South Africa

Parliamentary Notebook

Roiling pressure in the House and in the administration while clearing the decks before year’s end

Parliament on Tuesday issued a statement acknowledging it had not been immune to Covid-19 — 10 staff have now tested positive. (Photo: Leila Dougan)

In a high-pressure political week in Parliament where party politicking ruptured crassly into the open, much was also happening in the corridors of the parliamentary administration, largely away from the public eye. As the parliamentary year careers towards its close in just four weeks, it’s a case of outlast, outwit and stay the course at an unrelenting pace. The aim is to clear the decks — 2019 is an election year.

From Thursday, Modibedi Eric Phindela will no longer do double duty both in his permanent position as Secretary to the National Council of Provinces (NCOP), while also acting as deputy Secretary to Parliament: Core Business, a position the advocate has held for the past three years with a not insignificant acting allowance. Effectively, losing the acting post from 15 November 2018 is a demotion.

There’s plenty of rumour on the parliamentary grapevine — City Press in July 2017 reported how Phindela’s two secretaries were also paid acting allowances for other jobs they were appointed to, but didn’t do the work for — but officially no reasons were given for this move.

The announcement came in what’s known as “info alert”, or the official communication channel to staff, which Daily Maverick has seen, by acting Secretary to Parliament Baby Tyawa:

I would like to take this opportunity to thank advocate ME Phindela for his assistance in the post for the past three years.”

Instead it’s Secretary of the National Assembly, Masibulele Xaso, who will now take on the additional responsibility as acting deputy Secretary to Parliament: Core Business. And his first duties include co-ordinating the processes related to an inquiry into the death of Lennox Garane, a senior manager in the international relations and protocol division, who on 14 September 2018 committed suicide in protest against an alleged 20 months of workplace bullying.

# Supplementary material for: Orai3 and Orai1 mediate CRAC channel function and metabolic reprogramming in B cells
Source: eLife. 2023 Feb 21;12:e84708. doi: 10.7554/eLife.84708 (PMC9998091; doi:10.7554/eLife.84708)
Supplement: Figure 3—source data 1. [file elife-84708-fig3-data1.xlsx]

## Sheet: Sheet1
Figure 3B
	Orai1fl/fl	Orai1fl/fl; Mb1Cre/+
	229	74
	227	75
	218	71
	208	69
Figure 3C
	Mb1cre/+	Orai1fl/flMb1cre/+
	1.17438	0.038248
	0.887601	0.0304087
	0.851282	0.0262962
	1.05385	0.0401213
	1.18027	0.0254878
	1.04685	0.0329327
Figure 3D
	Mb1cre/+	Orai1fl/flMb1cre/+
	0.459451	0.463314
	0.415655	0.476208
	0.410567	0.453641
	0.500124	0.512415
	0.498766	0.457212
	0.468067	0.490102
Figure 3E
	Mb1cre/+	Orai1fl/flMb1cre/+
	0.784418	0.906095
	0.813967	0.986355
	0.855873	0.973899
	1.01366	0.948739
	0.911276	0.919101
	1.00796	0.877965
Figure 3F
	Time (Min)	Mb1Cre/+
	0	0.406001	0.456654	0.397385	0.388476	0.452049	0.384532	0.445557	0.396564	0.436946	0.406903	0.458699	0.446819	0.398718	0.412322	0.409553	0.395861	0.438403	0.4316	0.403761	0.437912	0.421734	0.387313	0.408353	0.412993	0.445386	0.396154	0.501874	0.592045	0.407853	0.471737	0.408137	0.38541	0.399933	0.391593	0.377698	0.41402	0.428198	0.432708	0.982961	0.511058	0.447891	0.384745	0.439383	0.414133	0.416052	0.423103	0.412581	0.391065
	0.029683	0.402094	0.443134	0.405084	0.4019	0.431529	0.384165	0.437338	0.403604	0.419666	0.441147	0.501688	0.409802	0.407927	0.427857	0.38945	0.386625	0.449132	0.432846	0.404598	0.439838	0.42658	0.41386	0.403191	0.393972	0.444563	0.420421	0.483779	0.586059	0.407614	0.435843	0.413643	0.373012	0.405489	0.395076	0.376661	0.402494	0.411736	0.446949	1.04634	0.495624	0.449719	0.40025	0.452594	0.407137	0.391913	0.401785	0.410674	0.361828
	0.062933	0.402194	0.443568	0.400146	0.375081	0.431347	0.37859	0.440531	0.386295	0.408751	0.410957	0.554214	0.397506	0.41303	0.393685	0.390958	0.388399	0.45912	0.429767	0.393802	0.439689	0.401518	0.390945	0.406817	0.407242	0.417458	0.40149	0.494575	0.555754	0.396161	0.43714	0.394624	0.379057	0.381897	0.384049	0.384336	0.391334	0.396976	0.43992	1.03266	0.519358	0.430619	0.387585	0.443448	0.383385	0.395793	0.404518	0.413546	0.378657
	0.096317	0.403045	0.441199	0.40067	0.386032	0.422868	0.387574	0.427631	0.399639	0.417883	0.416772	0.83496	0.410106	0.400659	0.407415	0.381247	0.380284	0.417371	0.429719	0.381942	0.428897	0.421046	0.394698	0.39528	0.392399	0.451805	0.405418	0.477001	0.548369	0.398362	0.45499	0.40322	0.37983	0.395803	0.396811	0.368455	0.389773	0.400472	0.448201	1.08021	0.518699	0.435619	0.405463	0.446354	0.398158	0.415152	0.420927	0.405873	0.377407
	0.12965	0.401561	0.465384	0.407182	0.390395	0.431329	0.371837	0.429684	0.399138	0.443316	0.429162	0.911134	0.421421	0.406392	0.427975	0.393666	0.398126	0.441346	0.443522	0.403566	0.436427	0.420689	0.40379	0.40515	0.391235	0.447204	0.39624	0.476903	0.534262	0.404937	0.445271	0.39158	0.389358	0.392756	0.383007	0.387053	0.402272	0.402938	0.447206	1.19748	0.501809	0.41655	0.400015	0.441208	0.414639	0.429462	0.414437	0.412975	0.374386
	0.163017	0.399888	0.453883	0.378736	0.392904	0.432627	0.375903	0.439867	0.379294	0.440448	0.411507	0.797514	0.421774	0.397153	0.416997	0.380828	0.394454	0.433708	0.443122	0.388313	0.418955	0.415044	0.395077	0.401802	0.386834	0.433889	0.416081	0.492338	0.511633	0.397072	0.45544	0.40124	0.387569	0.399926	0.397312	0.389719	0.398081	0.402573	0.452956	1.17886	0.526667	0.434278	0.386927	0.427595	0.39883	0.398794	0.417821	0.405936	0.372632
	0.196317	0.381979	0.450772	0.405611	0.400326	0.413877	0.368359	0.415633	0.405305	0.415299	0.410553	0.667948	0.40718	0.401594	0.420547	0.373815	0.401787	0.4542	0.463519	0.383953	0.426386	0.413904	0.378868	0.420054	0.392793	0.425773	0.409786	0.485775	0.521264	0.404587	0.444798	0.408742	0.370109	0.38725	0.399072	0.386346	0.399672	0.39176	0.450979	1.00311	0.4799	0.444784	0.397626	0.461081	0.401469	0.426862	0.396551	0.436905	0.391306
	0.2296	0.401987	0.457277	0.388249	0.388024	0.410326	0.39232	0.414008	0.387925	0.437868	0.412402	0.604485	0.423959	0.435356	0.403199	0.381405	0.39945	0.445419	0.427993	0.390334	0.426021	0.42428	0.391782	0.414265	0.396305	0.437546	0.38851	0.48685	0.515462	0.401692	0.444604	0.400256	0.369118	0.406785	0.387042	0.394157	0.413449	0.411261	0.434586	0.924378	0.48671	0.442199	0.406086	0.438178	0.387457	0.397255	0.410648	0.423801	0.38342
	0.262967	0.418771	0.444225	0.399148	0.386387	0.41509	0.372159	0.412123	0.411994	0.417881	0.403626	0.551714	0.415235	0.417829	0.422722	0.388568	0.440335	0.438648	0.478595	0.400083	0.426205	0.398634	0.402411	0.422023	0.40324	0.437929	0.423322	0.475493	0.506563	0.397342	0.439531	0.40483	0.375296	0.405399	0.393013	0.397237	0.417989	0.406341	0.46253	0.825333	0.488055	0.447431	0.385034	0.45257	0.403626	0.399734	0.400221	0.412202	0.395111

While the SAPS generals from Pretoria were much quicker off the bat to crack down on the precinct — they’ve had this in their sights for some time although the law and tradition puts Parliament’s presiding officers fully in control — Parliament took almost two months to finally act.

Well, strictly speaking, it’ll be the Public Service Commission (PSC) that will act over Garane’s suicide. According to an info alert from National Assembly Speaker Baleka Mbete and NCOP Chairperson Thandi Modise, “the PSC has been tasked to conduct an independent fact-finding investigation into the personnel practices and incidents that led to Mr Lennox Garane shooting himself on 14 September 2018.

All staff members of Parliament, who have direct information or evidence on this incident are please asked to contact the PSC investigating officer to provide all relevant information at their disposal to assist the investigation…” says the info alert, seen by Daily Maverick, calling on anyone wanting to do this to submit sworn statements.

All staff are requested to co-operate, support and assist the investigators by providing relevant information.”

In reality, there is very little left unsaid or unknown, given what Garane’s family publicly told a memorial service at Parliament in the presence of Tyawa and Deputy Speaker Lechesa Tsenoli. Nor is much left to the imagination in the details of the bullying that led to Garane’s action, outlined on the official funeral service pamphlet, widely shared on social media, headed, “It’s a Protest Suicide”.

On 25 September Parliament responded in an official statement to say it wished “to caution against the publishing of names of individuals in connection with untested allegations, as this borders on irresponsibility and may also be defamatory”. And it announced that alongside investigations by the SAPS and the State Security Agency, there would be a parliamentary inquiry.

Parliament will conduct an investigation into this incident to ensure that the institution is able to address all the factors that contributed to the late Lennox Garane taking his own life,” said Parliament’s spokesperson Moloto Mothapo.